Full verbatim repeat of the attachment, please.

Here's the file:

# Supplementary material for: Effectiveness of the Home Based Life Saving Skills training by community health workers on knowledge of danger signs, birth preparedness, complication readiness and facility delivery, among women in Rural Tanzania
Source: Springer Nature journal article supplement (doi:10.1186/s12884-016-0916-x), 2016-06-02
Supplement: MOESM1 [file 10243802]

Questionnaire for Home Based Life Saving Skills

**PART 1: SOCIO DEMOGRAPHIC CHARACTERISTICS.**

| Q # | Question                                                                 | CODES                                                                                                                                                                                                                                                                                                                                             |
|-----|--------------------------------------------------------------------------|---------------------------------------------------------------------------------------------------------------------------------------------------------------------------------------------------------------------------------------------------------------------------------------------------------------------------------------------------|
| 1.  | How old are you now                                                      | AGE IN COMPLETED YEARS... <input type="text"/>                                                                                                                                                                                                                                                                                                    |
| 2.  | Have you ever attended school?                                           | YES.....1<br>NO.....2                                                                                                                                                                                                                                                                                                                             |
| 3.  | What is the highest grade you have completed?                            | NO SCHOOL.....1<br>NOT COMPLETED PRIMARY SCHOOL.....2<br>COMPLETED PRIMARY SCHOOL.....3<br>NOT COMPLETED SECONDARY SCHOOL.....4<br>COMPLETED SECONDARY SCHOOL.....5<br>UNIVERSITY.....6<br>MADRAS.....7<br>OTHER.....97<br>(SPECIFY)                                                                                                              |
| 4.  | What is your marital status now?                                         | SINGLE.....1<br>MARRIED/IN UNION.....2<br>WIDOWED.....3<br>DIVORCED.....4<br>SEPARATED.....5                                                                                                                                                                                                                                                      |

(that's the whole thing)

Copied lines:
# Supplementary material for: Effectiveness of the Home Based Life Saving Skills training by community health workers on knowledge of danger signs, birth preparedness, complication readiness and facility delivery, among women in Rural Tanzania
Source: Springer Nature journal article supplement (doi:10.1186/s12884-016-0916-x), 2016-06-02
Supplement: MOESM1 [file 10243802]

Questionnaire for Home Based Life Saving Skills

**PART 1: SOCIO DEMOGRAPHIC CHARACTERISTICS.**

| Q # | Question                                                                 | CODES                                                                                                                                                                                                                                                                                                                                             |
|-----|--------------------------------------------------------------------------|---------------------------------------------------------------------------------------------------------------------------------------------------------------------------------------------------------------------------------------------------------------------------------------------------------------------------------------------------|
| 1.  | How old are you now                                                      | AGE IN COMPLETED YEARS... <input type="text"/>                                                                                                                                                                                                                                                                                                    |
| 2.  | Have you ever attended school?                                           | YES.....1<br>NO.....2                                                                                                                                                                                                                                                                                                                             |
| 3.  | What is the highest grade you have completed?                            | NO SCHOOL.....1<br>NOT COMPLETED PRIMARY SCHOOL.....2<br>COMPLETED PRIMARY SCHOOL.....3<br>NOT COMPLETED SECONDARY SCHOOL.....4<br>COMPLETED SECONDARY SCHOOL.....5<br>UNIVERSITY.....6<br>MADRAS.....7<br>OTHER.....97<br>(SPECIFY)                                                                                                              |
| 4.  | What is your marital status now?                                         | SINGLE.....1<br>MARRIED/IN UNION.....2<br>WIDOWED.....3<br>DIVORCED.....4<br>SEPARATED.....5                                                                                                                                                                                                                                                      |